- Trivia Questions - Trivia question should be considered in the same manner as other informational questions. In line with the Chelmsford Library's Public Service Policy (2.1), “The needs and requests of library patrons should always be taken seriously and treated with respect. Equal consideration should be given to all users in a non-judgmental environment.”
*I added this sentence to keep patrons from thinking they can "buy" reference staff time with gifts or donations, which also got included in the Gift and Donation Policy
, so it would apply to all library staff
**I originally included a sentence saying that staff would focus on helping the student, and not anyone that might be accompanying them. The reason is that a lot of times, a parent brings their child in, but never lets the child speak or explain their assignment - the parents just wants to get as many books and possible and leave as quickly as possible. I'm not a parent so I can't criticize, but this bugs me to no end. However, the wording was awkward, and other department heads thought it sent a bad message, so it was cut.
July 14th, 2009 Brian Herzog
A couple of weeks ago, the director of the Wadleigh Memorial Library in New Hampshire wrote me with this question (I'm paraphrasing):
We have an intern for the summer, and she's started a blog about her work at the library. However, the next thing I knew, there was a link to her blog from the library's homepage (it's since been removed). While I like the idea of the public getting a bird's eye view of what we do at the library, I have to think of worst case scenario....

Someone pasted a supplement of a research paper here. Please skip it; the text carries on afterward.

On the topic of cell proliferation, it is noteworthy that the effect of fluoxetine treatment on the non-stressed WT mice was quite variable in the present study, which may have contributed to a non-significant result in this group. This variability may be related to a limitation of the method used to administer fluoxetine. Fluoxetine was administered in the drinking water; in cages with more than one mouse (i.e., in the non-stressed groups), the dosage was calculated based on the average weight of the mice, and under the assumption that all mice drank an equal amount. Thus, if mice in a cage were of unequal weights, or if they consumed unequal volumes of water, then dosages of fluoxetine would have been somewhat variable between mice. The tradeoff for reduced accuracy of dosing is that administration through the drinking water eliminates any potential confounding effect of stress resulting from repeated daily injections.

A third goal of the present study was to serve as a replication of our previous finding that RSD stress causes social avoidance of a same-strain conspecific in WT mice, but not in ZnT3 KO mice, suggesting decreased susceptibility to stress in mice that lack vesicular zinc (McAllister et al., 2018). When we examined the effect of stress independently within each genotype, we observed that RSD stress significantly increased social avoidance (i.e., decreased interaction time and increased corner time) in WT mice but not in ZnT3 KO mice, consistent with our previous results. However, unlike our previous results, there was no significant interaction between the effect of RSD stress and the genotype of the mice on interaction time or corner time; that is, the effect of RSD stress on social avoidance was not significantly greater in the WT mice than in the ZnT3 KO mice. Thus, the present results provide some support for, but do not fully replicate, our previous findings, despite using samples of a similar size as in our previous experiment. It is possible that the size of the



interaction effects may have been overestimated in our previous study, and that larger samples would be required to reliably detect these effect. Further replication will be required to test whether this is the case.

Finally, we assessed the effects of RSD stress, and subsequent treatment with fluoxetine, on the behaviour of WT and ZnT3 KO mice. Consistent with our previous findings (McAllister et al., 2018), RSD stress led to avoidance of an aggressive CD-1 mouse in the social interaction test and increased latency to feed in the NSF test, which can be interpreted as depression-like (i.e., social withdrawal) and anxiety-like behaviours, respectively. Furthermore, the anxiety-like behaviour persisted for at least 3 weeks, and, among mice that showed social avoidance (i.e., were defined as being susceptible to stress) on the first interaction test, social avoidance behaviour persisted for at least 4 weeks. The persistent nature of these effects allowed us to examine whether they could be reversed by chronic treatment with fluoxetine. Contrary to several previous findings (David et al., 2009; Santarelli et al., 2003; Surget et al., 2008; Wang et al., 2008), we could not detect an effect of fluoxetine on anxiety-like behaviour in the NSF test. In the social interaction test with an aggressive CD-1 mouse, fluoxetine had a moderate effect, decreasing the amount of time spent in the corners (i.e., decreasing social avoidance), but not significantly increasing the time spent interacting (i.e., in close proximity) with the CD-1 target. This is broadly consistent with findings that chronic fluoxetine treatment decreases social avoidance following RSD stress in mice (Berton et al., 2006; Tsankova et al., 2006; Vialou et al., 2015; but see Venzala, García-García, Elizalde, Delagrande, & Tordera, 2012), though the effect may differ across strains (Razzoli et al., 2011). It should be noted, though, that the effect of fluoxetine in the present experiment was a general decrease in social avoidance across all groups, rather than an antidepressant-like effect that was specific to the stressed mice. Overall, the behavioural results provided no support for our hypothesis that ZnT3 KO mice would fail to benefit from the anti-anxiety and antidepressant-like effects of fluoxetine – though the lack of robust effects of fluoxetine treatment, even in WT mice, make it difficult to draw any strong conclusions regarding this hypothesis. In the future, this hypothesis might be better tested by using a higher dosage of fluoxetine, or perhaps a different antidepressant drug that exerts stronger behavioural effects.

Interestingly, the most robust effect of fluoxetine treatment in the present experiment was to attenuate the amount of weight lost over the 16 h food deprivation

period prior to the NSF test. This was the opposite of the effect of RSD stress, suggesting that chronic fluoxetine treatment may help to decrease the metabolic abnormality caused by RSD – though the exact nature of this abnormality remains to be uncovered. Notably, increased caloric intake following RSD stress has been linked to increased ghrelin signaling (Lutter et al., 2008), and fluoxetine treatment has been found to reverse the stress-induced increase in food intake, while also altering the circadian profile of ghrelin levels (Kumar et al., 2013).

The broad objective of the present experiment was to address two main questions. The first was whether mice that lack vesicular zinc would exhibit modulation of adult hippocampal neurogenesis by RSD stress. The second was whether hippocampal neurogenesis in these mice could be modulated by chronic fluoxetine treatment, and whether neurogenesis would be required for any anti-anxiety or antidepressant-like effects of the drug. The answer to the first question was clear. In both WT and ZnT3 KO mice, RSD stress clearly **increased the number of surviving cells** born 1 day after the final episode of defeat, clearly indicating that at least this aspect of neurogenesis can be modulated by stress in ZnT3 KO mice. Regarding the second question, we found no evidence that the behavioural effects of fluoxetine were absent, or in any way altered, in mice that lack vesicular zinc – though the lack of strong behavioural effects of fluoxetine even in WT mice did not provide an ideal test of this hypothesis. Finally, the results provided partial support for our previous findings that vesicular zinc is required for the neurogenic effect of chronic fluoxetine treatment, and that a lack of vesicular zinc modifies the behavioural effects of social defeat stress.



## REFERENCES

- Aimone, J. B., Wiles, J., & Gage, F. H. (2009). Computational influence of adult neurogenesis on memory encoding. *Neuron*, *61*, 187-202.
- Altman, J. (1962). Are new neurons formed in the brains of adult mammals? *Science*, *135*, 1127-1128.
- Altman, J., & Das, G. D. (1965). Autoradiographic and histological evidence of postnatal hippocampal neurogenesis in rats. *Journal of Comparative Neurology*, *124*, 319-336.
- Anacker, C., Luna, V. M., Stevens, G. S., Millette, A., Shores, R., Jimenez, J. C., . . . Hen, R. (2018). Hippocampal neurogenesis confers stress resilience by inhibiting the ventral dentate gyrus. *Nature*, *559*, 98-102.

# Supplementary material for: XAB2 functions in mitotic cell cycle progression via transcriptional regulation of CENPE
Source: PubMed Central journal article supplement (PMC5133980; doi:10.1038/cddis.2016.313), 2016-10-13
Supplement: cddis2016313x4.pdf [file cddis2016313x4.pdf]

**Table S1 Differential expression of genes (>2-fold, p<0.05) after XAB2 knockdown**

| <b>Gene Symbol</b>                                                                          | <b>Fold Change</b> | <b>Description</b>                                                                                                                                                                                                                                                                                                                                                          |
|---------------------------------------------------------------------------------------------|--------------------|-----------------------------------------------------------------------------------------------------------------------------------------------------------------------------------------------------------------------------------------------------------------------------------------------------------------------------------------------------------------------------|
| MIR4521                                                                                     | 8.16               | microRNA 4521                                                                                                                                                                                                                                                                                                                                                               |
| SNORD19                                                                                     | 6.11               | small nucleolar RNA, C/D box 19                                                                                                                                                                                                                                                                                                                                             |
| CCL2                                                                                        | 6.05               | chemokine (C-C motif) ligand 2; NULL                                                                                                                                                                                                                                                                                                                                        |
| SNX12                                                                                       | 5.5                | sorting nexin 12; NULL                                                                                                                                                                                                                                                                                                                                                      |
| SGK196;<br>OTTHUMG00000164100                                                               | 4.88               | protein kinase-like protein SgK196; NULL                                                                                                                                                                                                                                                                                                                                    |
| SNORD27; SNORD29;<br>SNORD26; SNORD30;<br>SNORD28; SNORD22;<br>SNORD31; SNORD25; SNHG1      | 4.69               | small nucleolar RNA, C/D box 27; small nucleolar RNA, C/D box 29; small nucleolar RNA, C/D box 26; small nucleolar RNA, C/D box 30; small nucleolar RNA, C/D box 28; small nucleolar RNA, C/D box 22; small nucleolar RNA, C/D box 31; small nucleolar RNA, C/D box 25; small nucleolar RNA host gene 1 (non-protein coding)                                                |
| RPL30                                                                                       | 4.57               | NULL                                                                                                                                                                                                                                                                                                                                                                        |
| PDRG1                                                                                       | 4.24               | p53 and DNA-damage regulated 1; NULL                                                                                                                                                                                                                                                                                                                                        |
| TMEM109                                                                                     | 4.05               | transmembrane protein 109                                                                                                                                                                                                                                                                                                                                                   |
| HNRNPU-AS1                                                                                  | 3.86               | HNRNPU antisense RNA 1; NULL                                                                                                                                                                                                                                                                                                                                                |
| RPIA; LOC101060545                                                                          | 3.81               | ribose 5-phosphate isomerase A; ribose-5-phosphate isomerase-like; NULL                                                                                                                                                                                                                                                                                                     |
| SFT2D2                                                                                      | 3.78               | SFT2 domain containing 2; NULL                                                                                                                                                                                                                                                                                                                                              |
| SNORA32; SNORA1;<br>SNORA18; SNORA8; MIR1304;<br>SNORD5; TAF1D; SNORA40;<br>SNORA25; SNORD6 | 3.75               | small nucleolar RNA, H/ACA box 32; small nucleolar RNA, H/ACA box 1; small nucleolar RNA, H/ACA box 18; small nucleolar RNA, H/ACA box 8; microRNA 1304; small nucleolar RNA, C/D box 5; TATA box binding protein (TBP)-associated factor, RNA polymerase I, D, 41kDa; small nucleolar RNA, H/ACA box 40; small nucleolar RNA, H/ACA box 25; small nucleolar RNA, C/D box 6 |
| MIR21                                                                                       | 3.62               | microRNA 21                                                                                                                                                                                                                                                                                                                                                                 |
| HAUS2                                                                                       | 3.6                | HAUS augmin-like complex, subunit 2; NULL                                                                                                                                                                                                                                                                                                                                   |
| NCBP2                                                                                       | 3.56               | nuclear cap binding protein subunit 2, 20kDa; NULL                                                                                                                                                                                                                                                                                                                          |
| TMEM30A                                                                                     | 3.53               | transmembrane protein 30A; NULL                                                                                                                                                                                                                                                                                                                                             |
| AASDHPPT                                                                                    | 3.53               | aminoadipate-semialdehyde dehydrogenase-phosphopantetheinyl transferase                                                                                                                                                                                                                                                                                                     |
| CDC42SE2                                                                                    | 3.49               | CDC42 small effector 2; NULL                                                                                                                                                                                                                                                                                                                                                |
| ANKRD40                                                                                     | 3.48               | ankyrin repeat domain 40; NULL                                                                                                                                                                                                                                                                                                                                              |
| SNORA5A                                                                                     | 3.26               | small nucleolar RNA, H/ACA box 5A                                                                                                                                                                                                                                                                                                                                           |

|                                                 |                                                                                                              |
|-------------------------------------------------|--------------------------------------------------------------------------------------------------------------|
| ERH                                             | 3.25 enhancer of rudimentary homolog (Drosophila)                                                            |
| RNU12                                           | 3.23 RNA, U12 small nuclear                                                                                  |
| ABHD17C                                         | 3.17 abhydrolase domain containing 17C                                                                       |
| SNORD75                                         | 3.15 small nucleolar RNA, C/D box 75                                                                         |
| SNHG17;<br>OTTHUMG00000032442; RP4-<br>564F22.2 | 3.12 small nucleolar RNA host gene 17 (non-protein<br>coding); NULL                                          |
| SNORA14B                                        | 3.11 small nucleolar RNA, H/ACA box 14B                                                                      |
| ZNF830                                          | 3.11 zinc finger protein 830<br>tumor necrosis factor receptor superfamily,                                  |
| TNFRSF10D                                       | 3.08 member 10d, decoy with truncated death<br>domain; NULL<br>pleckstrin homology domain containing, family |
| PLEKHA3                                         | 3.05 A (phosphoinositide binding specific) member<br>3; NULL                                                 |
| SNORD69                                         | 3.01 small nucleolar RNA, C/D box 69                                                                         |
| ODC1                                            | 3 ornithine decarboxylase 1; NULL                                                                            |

I couldn't find your blog linked from CPL's website, but you do publicly announce on your blog where you work. Does CPL have any policies in place about staff blogs? Have you ever had anything you've written come back to bite the library?...
This is a very interesting question. Something I wrote once did come back to bite, and the Town, the Library and I were all threatened with a lawsuit. That prompted a discussion between my director and me about separating library and personal, although no written policy ever came of it. But in general, here are the blogging guidelines that I follow:
- Nothing written can be unwritten - think before you publish
- Get permission before using names, and be vague when referring to people otherwise
- Personal website has a disclaimer disassociating the library/town from me
Which is basic, I know, but since it's a personal website done on personal time, there's not much keeping me from doing whatever I want - other than common sense, experience, and goodwill towards the library. Since most of what goes on in libraries is public record anyway, pretty much everything I do at work is fair game, so long as I don't break the law or violate patron privacy.
Even still, it might be a good idea for libraries to create some sort of guidelines for staff who publicly use the library's name online. I don't think libraries can force people to do or not do most things (aside from using library resources and time), but basic guidelines might help a well-meaning library employee avoid awkward situations they might not have otherwise considered.